The loss of a parent has been called “the loss that is forever” and young people who have suffered this loss feel especially different than those around them. This book reaches out to teens and people who care for them with understanding and compassion. Frank and accessible testimonials, along with discussion of what helps, what doesn’t, what “stinks,” and ways to stay connected to loved ones.

Wolfelt, Alan (2001). Healing Your Grieving Heart for Teens. Fort Collins, CO: Companion Press.
When you are a teen, the death of someone you love can be especially difficult. Being a teen is hard enough; being a grieving teen can feel completely overwhelming. This book was written to Who are Helping Children & Teens Affected by Grief or Life-Threatening Illness

 

Who are Helping Children & Teens Affected by Grief or Life-Threatening Illness

Books
Fitzgerald, Helen (1992). The Grieving Child: A Parent’s Guide. New York, NY: Simon & Schuster.
A wonderful, readable book for parents to help understand how grief is different for children. Great suggestions for processing feelings, both within and without a group.

Heiney, Sue et. al (2001). Cancer in the Family. Atlanta, GA: American Cancer Society.
This book outlines valuable steps necessary to help children understand what happens when a parent has been diagnosed with cancer. “Hands-on-tools” help those affected by cancer, as well as their loved ones, face many of the dilemmas that come with the disease. A specially illustrated workbook designed just for kids helps even the youngest children record their thoughts and feelings so they can learn how to navigate through this emotional time.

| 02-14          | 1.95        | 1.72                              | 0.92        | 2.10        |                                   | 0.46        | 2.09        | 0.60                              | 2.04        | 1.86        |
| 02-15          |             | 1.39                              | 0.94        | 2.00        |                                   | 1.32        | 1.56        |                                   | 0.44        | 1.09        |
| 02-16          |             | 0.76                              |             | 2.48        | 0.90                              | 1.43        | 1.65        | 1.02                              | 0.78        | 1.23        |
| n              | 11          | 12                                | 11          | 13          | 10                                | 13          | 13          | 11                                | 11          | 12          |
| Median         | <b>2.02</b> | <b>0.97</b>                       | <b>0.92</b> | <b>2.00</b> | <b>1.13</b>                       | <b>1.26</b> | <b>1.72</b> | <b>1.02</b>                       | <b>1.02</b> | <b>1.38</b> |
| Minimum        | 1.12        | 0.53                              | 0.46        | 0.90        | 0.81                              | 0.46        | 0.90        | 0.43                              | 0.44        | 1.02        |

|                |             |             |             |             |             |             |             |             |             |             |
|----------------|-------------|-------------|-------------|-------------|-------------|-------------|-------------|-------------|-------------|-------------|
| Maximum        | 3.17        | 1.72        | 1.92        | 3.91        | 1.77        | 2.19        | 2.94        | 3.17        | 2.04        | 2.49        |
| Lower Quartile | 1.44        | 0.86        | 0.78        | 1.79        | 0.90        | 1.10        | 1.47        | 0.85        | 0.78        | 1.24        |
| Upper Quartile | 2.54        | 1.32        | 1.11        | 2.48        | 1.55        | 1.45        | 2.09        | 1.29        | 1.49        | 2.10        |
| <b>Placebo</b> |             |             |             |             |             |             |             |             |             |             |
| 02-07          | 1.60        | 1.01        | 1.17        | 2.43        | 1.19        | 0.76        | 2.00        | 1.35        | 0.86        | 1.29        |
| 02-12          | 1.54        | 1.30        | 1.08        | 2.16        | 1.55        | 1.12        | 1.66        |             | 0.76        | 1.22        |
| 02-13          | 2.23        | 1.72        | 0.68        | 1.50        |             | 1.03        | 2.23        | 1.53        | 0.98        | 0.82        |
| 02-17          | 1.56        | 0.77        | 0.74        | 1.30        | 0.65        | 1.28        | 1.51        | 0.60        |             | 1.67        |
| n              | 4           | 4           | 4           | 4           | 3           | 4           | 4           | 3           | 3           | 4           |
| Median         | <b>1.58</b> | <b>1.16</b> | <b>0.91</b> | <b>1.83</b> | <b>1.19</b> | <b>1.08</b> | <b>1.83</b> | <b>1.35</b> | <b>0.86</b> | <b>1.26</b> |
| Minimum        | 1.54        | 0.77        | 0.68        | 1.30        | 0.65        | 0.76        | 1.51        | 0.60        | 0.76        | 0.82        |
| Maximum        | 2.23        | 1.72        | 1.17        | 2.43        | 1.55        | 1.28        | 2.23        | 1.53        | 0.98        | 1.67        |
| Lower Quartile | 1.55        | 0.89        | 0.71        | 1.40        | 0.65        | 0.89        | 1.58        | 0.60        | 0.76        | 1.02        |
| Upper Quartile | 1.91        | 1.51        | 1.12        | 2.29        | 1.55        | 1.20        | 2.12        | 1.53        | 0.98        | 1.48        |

Huntley, Theresa (1991). Helping Children Grieve. Minneapolis, MN: Augsurg Fortress.
This book will help you listen to children, answer their questions, and guide them in coping with their feelings. Also included are ideas for dealing with behavior changes that often accompany a child’s grief.

Linn, Erin (1990). 150 Facts About Grieving Children. The Publisher’s Mark,
Children do grieve, and with an intensity that would astound many adults. We are obligated to learn more about a child’s bereavement. We must begin to understand their world, their feelings, and their hurts.

McCue, Kathleen (1996). How to Help Children Through a Parent’s Serious Illness. St. Martin’s Griffin.
A thorough, but quick guide for parents and professionals, from diagnosis of an illness to resolution. Each chapter has a wonderful summary at the end. Topics covered include what to tell, how to deal with different ages children, and helpful hints for effective communication.

Wolfelt, Alan (1983). Helping Children Cope with Grief. Accelerated Development, Inc.
Written to assist adults in helping children deal with their thoughts and feelings on death. Especially helpful is its approach to naming and teaching the skills needed to help children share their grief.

 

Online Resources

www.AChildinGrief.com includes a variety of resources with a bilingual kit uses the power of Elmo and the Sesame Street Muppets to support grieving families.

www.childrengrieve.org provides a national database of children’s bereavement centers along with resources.